William Sellers (1824-1905)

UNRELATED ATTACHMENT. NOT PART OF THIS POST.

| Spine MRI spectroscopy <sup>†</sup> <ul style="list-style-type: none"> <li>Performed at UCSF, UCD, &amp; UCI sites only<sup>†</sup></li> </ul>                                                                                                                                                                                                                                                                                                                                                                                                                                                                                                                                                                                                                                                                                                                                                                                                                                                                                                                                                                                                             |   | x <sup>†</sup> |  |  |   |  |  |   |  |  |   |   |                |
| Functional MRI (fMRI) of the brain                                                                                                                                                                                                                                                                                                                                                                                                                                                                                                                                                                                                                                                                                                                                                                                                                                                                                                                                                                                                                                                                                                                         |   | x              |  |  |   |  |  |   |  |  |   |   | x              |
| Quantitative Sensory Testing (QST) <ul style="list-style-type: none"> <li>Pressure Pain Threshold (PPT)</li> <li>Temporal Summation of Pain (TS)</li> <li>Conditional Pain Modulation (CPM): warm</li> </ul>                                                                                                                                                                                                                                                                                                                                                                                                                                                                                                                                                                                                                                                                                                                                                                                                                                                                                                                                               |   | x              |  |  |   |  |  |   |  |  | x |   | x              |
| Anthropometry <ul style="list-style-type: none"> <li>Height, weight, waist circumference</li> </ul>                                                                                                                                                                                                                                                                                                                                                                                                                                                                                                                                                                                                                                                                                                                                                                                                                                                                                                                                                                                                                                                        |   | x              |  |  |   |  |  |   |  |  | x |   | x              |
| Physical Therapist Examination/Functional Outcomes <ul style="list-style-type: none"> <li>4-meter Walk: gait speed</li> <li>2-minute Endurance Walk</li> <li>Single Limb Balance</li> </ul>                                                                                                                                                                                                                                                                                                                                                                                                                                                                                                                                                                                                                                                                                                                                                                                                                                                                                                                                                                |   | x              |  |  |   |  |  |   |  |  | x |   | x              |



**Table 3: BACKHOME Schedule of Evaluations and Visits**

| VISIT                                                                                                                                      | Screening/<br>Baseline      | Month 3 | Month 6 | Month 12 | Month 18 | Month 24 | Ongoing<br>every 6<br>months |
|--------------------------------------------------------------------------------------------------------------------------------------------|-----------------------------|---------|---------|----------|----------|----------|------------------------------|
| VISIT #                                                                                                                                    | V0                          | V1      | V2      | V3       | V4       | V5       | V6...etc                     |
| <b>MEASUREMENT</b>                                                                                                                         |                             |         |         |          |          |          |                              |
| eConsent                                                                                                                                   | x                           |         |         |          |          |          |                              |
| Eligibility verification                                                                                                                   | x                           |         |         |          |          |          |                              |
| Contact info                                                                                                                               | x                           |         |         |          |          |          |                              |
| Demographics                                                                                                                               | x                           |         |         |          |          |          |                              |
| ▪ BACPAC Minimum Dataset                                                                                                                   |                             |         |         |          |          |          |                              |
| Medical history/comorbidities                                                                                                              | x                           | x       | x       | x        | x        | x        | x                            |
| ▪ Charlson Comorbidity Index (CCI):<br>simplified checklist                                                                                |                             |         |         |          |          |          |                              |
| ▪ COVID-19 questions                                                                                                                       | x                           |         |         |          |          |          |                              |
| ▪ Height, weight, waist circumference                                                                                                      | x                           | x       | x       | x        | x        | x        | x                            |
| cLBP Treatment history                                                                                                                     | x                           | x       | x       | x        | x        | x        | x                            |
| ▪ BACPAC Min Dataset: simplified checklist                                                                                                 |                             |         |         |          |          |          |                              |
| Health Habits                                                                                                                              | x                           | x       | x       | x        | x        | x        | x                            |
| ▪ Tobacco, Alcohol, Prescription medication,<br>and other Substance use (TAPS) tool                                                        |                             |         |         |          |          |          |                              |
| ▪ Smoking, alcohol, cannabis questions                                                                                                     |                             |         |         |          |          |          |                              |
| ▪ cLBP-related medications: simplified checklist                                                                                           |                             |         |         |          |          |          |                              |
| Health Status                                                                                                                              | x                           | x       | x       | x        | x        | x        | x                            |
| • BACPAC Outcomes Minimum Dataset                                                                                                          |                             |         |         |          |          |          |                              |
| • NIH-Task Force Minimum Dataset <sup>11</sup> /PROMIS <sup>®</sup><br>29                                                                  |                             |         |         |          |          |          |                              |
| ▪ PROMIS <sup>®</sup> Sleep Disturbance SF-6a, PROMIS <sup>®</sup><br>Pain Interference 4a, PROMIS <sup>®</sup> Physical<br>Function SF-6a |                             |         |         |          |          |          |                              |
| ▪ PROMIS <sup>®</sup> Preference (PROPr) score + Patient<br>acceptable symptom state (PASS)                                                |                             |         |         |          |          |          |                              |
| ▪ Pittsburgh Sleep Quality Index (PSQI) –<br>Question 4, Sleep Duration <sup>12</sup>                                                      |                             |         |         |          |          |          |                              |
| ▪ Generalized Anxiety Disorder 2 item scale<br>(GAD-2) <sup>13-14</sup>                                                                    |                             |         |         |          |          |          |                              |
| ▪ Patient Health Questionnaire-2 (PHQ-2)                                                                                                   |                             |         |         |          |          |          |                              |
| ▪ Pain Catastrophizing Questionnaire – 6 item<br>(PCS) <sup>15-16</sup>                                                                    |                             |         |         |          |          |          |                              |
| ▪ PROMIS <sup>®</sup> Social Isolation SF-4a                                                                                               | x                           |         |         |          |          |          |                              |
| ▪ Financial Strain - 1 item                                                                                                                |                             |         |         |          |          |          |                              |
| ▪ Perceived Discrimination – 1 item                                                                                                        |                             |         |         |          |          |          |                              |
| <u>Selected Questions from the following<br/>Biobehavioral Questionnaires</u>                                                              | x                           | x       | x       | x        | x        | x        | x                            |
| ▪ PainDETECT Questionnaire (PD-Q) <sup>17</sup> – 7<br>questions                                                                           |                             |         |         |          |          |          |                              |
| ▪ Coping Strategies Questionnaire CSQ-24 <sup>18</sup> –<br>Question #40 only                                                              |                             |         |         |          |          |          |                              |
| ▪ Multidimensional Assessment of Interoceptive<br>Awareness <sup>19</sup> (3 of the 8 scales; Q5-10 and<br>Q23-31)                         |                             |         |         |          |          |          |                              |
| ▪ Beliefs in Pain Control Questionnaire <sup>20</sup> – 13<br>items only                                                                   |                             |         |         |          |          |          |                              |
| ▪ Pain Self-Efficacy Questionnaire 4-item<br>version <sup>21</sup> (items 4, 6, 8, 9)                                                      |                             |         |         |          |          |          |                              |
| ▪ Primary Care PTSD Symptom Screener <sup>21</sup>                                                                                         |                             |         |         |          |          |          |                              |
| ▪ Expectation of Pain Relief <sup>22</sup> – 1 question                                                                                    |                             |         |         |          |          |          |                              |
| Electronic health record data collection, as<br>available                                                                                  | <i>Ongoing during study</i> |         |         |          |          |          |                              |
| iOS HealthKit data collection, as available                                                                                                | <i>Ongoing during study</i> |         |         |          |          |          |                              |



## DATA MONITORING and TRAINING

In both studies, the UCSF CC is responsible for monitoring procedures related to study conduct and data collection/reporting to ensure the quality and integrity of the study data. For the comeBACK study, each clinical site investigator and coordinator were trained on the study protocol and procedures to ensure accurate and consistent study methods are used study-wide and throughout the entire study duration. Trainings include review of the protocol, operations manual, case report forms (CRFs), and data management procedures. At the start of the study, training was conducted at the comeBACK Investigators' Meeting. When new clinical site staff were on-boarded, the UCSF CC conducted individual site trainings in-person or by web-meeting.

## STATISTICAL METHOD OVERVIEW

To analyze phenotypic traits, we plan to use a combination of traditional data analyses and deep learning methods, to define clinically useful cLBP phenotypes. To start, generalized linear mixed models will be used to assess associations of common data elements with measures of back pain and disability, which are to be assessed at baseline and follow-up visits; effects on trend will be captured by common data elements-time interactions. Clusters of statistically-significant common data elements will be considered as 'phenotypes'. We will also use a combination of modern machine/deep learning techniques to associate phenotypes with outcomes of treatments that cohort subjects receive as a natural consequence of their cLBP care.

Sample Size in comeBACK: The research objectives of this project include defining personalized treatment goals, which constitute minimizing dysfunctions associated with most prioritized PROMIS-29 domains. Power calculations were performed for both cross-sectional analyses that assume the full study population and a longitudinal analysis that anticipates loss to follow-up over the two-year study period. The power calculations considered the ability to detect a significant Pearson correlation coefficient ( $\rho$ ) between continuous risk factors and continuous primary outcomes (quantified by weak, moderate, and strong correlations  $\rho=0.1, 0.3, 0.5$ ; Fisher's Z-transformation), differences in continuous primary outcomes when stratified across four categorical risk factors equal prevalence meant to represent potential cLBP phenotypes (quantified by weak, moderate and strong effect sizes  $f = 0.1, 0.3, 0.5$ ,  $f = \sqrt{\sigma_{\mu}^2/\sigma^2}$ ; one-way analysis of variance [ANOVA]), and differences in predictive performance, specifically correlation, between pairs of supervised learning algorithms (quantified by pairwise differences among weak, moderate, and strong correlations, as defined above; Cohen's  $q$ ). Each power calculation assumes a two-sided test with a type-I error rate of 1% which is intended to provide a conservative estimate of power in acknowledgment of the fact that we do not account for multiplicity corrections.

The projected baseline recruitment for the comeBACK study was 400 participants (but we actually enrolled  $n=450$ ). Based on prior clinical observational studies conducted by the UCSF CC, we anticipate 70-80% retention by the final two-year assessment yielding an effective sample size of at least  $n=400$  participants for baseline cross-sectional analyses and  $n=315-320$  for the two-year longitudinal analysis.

Sellers started in Philadelphia in partnership with William Bancroft, in a firm in which Bancroft was the innovator. After Bancroft’s death, Sellers took the lead in innovation: the first of what would amount to 90 patents was issued to him in 1897. Sellers had started with the purpose of building machine tools, making them heavier than they had been made by others. He was one of the first to abandon the beads, moldings, and embellishments. He painted them gray. In 1862, he developed a planer with a rack- and-pinion worm drive to provide uniform table motion. In 1864, he proposed a standard thread form with a flat top and bottom that came into widespread use and eventually became an international standard. He played a leading role in the development of the Centennial Exhibition in Philadelphia and saw to it that the exhibits concentrated on the American achievements in machinery. For ten years he financed Frederick W. Taylor’s metal cutting research. His company built a large multiple punch for structural forms that produced hole patterns indicated by a punched paper tape that actuated pneumatic punches, a forerunner of modern NC.